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The purpose of this study was to quantify the misapplication and misinterpretation of the current American College of Sports Medicine (ACSM) exercise intensity guidelines for cardiorespiratory fitness. A literature review (January 2000 to January 2007) was completed identifying studies conducted on the effects of aerobic exercise training on cardiorespiratory fitness in healthy adults. Studies (N=15) were identified in which exercise intensity was prescribed by a percentage of maximal oxygen uptake (%VO2max) rather than a percentage of oxygen uptake reserve (%VO2R) (a misapplication). Eight instances of misinterpretation were identified; referencing the current ACSM guidelines, but citing intensity in terms of %VO2max. Recent research demonstrating that percentage of heart rate reserve (%HRR) is more closely aligned to %VO2R, not %VO 2max, prompted a change in the ACSM exercise intensity guidelines in 1998. Despite the ACSM's recommendation of the use of %VO2R, present findings suggests the frequent use of %VO2max (misapplication) in the methodology of aerobic training studies. The ACSM exercise prescription recommendations are the most recognizable guidelines for exercise professionals, and it is the responsibility of authors and reviewers to ensure correct interpretation and reporting in future publications. Continued use of exercise intensity prescribed by %VO2max perpetuates an out-of-date recommendation and results in unequal training stimuli for individuals with dissimilar fitness levels. We recommend exercise professionals integrate the current intensity guidelines into both research and practice.
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Empirical studies have validated that basic needs satisfaction supported by video game play predicts motivation and engagement outcomes. However, few studies specifically manipulated game features for each of the three basic needs specified in the self-determination theory (SDT) to examine how the game features impact players' need satisfaction and game experience. The current study employed an in-house developed exergame and manipulated the game features in a 2 (autonomy-supportive game features: on vs. off) × 2 (competence-supportive game features: on vs. off) experiment to predict need satisfaction, game enjoyment, motivation for future play, effort for gameplay, self-efficacy for exercise using the game, likelihood of game recommendation, and game rating. The manipulated game features led to the corresponding need satisfaction. Manipulated autonomy-supportive and competence-supportive game features had main effects on most motivation and engagement outcomes. Need satisfaction of autonomy and need satisfaction of competence were both found to be mediators for the relationships between the game features and the motivation and engagement outcomes. The findings add evidence to support the underlying mechanism postulated by SDT for media enjoyment and motivation as well as the emerging entertainment research conceptualizing enjoyment as need satisfaction. The findings also have practical implications for intervention effort that intends to capitalize the motivational pull of video games.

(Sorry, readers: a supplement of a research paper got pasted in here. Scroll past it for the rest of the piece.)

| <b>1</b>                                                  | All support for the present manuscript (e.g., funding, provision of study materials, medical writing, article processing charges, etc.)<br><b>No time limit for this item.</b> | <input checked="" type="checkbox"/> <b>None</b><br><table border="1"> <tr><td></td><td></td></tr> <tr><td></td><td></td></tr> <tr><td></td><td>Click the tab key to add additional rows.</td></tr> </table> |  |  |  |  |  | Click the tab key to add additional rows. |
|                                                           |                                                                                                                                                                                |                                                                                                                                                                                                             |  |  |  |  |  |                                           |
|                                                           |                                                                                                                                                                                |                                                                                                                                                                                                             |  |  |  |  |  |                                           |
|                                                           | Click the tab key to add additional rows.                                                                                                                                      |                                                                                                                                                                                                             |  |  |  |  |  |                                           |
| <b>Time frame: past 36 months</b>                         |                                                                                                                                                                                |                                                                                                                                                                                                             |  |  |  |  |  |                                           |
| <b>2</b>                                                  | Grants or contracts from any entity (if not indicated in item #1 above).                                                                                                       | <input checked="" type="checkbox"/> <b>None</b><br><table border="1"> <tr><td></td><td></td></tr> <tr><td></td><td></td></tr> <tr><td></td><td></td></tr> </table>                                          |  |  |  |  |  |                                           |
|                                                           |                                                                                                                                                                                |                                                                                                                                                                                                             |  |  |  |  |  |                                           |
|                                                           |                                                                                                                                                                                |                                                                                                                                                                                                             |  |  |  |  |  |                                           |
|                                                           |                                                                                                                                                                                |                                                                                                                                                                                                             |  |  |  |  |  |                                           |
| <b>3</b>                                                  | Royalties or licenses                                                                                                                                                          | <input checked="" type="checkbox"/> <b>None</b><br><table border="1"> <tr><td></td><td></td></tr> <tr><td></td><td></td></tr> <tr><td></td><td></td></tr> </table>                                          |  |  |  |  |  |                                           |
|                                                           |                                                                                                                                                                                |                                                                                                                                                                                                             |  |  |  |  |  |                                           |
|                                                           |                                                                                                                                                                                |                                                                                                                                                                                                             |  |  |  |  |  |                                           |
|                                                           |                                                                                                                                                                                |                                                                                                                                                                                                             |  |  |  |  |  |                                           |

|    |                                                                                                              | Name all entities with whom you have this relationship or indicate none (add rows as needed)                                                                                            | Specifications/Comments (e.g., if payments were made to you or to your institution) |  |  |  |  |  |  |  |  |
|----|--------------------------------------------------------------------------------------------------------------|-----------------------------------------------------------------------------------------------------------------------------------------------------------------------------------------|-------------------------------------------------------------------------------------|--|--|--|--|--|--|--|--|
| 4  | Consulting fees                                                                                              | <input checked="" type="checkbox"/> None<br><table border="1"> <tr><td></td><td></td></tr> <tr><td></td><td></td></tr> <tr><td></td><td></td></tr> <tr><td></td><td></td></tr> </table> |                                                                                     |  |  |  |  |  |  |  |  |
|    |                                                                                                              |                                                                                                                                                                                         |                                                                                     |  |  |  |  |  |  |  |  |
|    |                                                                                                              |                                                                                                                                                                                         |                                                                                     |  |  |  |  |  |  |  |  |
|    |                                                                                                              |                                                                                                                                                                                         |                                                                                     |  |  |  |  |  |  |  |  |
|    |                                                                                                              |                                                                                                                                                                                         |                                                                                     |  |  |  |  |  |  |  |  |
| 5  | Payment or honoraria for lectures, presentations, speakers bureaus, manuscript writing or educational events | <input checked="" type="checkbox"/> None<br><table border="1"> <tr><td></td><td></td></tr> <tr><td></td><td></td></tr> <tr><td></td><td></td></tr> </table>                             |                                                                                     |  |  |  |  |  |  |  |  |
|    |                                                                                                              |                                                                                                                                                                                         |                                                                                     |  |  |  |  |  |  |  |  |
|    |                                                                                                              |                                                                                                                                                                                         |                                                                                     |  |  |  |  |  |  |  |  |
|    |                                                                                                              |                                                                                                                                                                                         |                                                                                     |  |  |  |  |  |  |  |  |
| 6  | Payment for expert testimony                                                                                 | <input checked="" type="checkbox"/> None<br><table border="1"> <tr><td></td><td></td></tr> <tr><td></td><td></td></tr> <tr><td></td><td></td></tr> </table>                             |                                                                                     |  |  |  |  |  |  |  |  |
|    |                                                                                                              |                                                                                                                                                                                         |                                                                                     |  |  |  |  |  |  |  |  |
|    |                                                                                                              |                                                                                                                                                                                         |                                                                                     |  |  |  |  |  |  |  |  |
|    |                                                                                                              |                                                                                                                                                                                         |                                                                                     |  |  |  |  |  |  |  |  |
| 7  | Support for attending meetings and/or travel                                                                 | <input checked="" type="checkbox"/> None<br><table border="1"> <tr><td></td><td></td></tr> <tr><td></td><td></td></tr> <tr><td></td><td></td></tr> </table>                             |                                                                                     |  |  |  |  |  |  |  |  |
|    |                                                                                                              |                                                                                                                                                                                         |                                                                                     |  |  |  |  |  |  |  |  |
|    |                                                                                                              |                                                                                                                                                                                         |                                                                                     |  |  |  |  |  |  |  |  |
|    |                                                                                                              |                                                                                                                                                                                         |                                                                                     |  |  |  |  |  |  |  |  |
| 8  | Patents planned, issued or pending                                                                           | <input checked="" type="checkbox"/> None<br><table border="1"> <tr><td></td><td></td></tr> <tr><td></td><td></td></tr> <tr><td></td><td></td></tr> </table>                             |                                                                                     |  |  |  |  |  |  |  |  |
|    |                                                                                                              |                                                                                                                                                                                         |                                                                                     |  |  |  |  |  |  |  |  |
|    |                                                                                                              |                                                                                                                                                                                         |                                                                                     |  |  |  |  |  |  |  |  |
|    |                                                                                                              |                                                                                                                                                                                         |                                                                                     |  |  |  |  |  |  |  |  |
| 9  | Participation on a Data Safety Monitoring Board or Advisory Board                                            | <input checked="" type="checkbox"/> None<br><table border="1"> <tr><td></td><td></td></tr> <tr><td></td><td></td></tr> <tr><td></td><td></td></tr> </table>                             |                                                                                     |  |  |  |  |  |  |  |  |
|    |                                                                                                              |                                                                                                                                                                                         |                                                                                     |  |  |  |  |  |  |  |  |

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Physical inactivity is a risk factor for heart disease, diabetes, and obesity. Efforts to increase physical activity can include active video games. While many active video games demonstrate exertion levels commensurate with light to moderate exercise, it is unclear whether these games can meet requirements for vigorous activity. The purpose of this study was to determine whether the active video game, Dance Dance Revolution (DDR), can provide vigorous exercise in a wide range of adults. Twelve adults (18 to 53 yrs, BMI 18 to 37) were studied while playing DDR at an advanced level. Metabolic measures were collected during a 30 min game-play protocol at the advanced "Heavy" level of difficulty. Mean values achieved were the following: 8 METs, heart rate 157 beats·min -1, and energy expenditure 9 kcal·min -1. DDR is played similarly to that of interval type exercise where each game-song is followed by a brief rest period. Subjects reported that DDR is fun, and that the competitive nature of playing with others is enjoyable. This study found that DDR is effective in meeting vigorous physical activity requirements for improving or maintaining physical fitness.